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I began the process by drawing a fish with my Wacom in order to continue thinking about how a young child might be able to engage in these processes.


Steps to making the fish:

1)   Draw fish in illustrator, save as .svg, import to Fusion360

2)   Revolve drawing

3)   Create work-planes on either side of the revolve and slice upwards

4)   Save, make a new part and import work so far at 50% scale this will be the small fish

5)   Return to original and split the resulting body in half

6)   Shell both halves

7)   Reimport original fish drawing at 45% on one of the faces of the body. Use this shape to cut through the entire body.

8)   Make a new file import both the shell and the small fish. Place the small fish inside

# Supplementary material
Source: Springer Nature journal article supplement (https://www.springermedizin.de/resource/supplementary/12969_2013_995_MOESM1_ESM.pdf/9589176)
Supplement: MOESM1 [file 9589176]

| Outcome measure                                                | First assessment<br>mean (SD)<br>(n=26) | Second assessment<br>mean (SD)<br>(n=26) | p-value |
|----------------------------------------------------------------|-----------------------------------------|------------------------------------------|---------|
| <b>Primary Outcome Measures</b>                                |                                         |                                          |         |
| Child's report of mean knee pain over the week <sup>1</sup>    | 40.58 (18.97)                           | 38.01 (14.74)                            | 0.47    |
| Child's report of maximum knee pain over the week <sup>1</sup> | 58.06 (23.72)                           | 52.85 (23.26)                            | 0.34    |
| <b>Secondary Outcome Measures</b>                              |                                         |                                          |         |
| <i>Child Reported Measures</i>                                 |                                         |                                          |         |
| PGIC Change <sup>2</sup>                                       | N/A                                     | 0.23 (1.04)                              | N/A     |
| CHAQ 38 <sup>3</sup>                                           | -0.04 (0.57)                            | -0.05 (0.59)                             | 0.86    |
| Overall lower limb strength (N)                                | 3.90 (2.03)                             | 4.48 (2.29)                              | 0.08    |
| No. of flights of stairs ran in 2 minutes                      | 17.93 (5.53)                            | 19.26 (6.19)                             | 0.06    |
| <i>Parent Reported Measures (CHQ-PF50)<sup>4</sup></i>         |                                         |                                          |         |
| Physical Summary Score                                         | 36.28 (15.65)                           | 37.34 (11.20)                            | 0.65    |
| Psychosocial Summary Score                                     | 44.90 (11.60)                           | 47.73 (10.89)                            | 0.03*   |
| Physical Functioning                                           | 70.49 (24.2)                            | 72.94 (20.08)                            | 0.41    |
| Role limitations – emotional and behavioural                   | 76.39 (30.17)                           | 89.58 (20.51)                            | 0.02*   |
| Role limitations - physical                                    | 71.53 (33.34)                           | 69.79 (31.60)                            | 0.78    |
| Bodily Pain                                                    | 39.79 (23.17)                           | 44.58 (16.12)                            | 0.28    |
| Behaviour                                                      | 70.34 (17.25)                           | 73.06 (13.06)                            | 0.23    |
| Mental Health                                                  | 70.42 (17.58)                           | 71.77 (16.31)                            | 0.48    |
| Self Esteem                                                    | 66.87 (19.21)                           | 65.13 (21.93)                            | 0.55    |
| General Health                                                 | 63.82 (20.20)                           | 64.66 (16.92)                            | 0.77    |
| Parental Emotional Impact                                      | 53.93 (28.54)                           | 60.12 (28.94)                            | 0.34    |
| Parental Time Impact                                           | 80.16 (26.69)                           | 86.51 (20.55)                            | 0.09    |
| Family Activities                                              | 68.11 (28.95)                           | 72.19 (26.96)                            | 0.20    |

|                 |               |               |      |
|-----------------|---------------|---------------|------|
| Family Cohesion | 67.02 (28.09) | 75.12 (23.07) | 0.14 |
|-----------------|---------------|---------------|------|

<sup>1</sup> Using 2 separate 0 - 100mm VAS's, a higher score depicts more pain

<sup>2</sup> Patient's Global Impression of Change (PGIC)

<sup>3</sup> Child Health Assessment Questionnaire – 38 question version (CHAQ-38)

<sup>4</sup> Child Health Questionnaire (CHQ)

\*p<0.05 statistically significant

9)   Right click on the top of the hierarchy and export as .stl for printing




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This week I made a new connection within fusion360. As past assignments in this class have shown I am tring to figure out the relationship between inventorŐs UI and Fusion. The hierarchical structure on the left side does not show the operations done on sketches, bodies, etc. It used to do this in inventor. Now that info is stored on the bottom of the screen in a timeline (with a cool play button that allowed me to make the .gif above).


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Printing the model